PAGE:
Aggarwal regards the blood donation apps with some scepticism and thinks some may be making blood donation a commercial enterprise, even though all the app owners Scroll.in spoke to said that these were non-profit ventures. Aggarwal said that he has heard of blood donation app models involving a fee from the hospital. The Supreme Court in 1998 made professional blood donation for money illegal. Blood donation is supposed to be voluntary and for no payment.

But, a website with an open directory like Friends2support cannot control how its donor database is used.

“We do not want to entertain any misuse,” said Shakeel. “We have told donors to check for patient records and verify that the patient exists before donating blood.”

Blood banks take in walk-in donors. There need not be a patient admitted in a hospital who needs blood for a person to donate blood.

A notice on the website warns donors of the presence of middlemen trying to make money off the site by arranging donors for desperate patients and their families. The notice asks users not to pay any money for blood donations and to inform Friend2support volunteers who can initiate police action against anyone demanding money.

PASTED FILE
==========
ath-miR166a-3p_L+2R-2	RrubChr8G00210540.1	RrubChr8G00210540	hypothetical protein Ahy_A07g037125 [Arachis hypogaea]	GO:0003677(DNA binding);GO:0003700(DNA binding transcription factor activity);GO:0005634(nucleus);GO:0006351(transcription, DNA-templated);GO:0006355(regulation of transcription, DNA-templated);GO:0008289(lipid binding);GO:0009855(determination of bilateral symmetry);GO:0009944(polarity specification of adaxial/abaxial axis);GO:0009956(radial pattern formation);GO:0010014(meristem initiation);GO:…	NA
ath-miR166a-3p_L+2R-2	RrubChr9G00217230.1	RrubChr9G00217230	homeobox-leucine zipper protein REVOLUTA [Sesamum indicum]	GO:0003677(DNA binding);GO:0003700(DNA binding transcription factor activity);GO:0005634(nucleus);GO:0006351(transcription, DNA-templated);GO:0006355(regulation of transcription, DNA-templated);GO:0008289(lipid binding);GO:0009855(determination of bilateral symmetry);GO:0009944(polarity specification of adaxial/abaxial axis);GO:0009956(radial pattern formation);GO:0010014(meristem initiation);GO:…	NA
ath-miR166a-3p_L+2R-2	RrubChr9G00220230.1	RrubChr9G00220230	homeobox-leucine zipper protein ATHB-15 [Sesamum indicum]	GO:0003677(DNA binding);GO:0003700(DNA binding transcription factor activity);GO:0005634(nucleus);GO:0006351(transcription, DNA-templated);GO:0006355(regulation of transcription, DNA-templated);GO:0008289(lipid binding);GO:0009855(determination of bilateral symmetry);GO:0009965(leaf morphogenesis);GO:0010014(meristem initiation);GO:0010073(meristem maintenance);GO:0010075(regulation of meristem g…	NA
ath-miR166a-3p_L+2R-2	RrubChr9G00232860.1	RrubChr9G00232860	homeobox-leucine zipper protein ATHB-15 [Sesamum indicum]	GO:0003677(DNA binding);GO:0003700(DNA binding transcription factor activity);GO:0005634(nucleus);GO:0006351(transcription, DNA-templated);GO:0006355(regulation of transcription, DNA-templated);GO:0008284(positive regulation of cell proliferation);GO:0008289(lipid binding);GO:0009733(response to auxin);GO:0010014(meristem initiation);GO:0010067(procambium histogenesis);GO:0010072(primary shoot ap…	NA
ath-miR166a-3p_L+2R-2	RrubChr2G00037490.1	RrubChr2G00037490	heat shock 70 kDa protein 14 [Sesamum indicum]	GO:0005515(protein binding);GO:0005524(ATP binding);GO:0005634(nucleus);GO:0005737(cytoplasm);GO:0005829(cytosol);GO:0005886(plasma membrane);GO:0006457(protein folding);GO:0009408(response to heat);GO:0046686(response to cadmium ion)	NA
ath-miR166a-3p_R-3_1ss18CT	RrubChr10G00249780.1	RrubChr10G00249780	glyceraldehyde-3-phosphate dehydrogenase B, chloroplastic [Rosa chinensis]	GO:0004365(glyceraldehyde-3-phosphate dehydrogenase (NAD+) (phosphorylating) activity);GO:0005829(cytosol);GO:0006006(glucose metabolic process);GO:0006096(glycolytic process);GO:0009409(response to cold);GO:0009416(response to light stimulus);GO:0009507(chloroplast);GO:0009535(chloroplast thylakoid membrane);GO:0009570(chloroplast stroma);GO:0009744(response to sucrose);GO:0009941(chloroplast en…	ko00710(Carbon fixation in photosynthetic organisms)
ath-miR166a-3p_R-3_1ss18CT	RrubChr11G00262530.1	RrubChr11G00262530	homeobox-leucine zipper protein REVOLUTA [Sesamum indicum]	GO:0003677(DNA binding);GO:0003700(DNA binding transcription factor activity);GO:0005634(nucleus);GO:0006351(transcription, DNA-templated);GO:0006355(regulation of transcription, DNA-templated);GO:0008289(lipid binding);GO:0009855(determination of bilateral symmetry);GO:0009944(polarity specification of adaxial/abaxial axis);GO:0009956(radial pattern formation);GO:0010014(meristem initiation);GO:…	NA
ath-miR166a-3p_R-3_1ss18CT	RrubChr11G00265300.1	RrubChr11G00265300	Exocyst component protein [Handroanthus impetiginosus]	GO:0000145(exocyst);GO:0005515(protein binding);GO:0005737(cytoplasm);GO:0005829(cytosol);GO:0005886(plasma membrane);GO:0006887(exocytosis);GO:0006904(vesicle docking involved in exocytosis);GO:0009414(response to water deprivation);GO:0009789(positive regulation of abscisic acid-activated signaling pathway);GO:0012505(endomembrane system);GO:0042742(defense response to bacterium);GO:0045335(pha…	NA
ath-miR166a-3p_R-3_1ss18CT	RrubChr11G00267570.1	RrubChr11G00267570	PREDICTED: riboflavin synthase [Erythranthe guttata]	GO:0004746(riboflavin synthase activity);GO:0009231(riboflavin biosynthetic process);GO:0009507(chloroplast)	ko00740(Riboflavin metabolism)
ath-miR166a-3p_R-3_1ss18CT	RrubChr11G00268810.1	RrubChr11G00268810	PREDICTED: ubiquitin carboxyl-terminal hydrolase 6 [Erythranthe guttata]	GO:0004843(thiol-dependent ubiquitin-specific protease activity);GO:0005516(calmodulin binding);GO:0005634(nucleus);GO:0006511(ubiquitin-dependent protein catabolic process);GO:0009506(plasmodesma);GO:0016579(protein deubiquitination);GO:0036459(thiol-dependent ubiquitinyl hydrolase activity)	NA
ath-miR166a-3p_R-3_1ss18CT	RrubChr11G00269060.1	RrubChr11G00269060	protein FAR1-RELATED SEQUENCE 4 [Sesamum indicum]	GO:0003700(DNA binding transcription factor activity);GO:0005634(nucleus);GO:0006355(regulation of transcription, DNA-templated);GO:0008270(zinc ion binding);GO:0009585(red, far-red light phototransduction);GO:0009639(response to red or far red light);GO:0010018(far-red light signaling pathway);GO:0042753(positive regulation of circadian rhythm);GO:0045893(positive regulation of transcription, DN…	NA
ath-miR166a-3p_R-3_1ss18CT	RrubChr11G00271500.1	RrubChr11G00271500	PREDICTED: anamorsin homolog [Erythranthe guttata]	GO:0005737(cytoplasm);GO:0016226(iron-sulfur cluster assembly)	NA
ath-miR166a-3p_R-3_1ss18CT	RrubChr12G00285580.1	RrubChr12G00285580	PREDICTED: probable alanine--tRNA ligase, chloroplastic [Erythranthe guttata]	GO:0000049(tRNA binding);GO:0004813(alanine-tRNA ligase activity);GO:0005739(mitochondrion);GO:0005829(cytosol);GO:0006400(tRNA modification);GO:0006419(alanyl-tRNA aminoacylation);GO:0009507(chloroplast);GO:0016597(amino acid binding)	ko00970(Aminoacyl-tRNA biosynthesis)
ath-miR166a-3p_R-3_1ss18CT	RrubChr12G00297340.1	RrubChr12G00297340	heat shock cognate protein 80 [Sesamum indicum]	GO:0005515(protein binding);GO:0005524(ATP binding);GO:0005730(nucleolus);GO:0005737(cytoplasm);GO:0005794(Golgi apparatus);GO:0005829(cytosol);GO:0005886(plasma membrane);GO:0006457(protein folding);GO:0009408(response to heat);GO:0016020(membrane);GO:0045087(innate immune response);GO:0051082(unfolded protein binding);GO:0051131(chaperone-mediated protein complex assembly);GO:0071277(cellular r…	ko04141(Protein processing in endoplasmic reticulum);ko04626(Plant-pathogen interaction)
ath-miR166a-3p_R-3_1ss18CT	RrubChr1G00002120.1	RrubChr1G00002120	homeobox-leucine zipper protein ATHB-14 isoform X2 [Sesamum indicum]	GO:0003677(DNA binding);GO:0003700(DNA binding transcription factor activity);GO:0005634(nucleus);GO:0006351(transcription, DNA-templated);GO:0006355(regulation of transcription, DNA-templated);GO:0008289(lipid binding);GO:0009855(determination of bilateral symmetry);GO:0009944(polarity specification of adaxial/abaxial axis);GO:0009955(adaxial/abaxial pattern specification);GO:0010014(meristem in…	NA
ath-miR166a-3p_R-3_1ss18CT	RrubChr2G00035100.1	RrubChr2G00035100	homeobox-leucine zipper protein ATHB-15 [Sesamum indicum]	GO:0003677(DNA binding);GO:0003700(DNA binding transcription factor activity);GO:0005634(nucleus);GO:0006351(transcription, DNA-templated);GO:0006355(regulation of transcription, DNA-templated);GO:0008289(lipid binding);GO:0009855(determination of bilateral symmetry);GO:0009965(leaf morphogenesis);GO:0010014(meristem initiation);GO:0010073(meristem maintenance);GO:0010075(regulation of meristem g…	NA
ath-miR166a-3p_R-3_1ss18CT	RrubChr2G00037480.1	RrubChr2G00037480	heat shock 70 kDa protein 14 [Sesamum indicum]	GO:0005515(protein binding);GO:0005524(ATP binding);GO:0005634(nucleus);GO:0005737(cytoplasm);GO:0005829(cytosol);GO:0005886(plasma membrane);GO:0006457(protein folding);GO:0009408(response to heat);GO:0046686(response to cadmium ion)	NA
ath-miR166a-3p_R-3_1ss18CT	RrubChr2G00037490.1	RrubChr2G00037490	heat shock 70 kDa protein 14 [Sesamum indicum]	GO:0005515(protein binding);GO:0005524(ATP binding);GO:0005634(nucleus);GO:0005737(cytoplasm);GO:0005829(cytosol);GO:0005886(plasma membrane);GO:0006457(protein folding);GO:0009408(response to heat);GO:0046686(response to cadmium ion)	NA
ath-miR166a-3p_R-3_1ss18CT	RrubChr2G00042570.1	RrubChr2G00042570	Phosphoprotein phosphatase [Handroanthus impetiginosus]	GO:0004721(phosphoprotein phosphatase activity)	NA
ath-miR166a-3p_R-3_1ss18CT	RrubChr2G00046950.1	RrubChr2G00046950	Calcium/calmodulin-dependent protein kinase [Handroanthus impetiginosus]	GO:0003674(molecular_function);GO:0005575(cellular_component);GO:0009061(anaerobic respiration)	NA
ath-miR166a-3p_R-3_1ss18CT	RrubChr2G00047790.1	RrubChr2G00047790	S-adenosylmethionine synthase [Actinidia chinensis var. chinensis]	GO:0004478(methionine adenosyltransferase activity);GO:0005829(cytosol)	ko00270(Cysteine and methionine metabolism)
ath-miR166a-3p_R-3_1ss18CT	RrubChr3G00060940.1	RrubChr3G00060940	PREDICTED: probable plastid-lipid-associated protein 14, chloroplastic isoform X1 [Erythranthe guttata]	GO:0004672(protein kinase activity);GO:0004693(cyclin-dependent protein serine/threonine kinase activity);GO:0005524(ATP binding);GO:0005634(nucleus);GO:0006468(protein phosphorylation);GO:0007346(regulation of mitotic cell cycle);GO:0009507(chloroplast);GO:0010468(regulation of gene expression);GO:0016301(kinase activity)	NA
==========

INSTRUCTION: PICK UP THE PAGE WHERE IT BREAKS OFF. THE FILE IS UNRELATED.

“We cannot control people’s mindsets (about asking for money in lieu of a blood donation),” said Shakeel. “When we get any complaints, we remove the name from the donor list.”

Can apps help fix blood shortages?

The WHO says that the system of getting blood donors for individual patients “cannot meet a community’s requirements for blood and blood products.”

Both Shetty and Agarwal, who work with the National Blood Transfusion Council, said that the idea of running donor directories via apps works against the spirit of voluntary blood donation.

“Blood supply is the responsibility of the government, not the patient,” said Shetty. “This system puts the onus on the patient.”

Dr Shobini Rajan, assistant director of National Aids Control Organisation who handles blood safety, said that blood banks have a duty to maintain sufficient supply of blood. “The government tells blood banks to not turn patients away and that they must arrange blood themselves,” she said. “They must maintain an inventory on how to maintain stock by conducting camps or calling in enough voluntary donors to donate.”

The government itself launched a website and an app called e-Raktkosh last April. This website is an integrated blood bank management information system that provides information about the blood supply in blood banks.

“We are planning to come up with an app which aims to connect voluntary donor to a blood bank,” said Dr Shobini Rajan, assistant director of National Aids Control Organisation who handles blood safety.

Said Agarwal: “We have to make it easy for people to donate. We have to go to their workplace, or near their houses where it is convenient for them to donate blood. Everyone will then be happy to donate.”

Siddiqui is the only caregiver to his mother in Delhi and he had to concentrate his efforts in getting a suitable donor instead of ensuring her safety and comfort. “Itna pressure nahi hona chahiye,” he said. There should not be so much pressure on the patients and their families.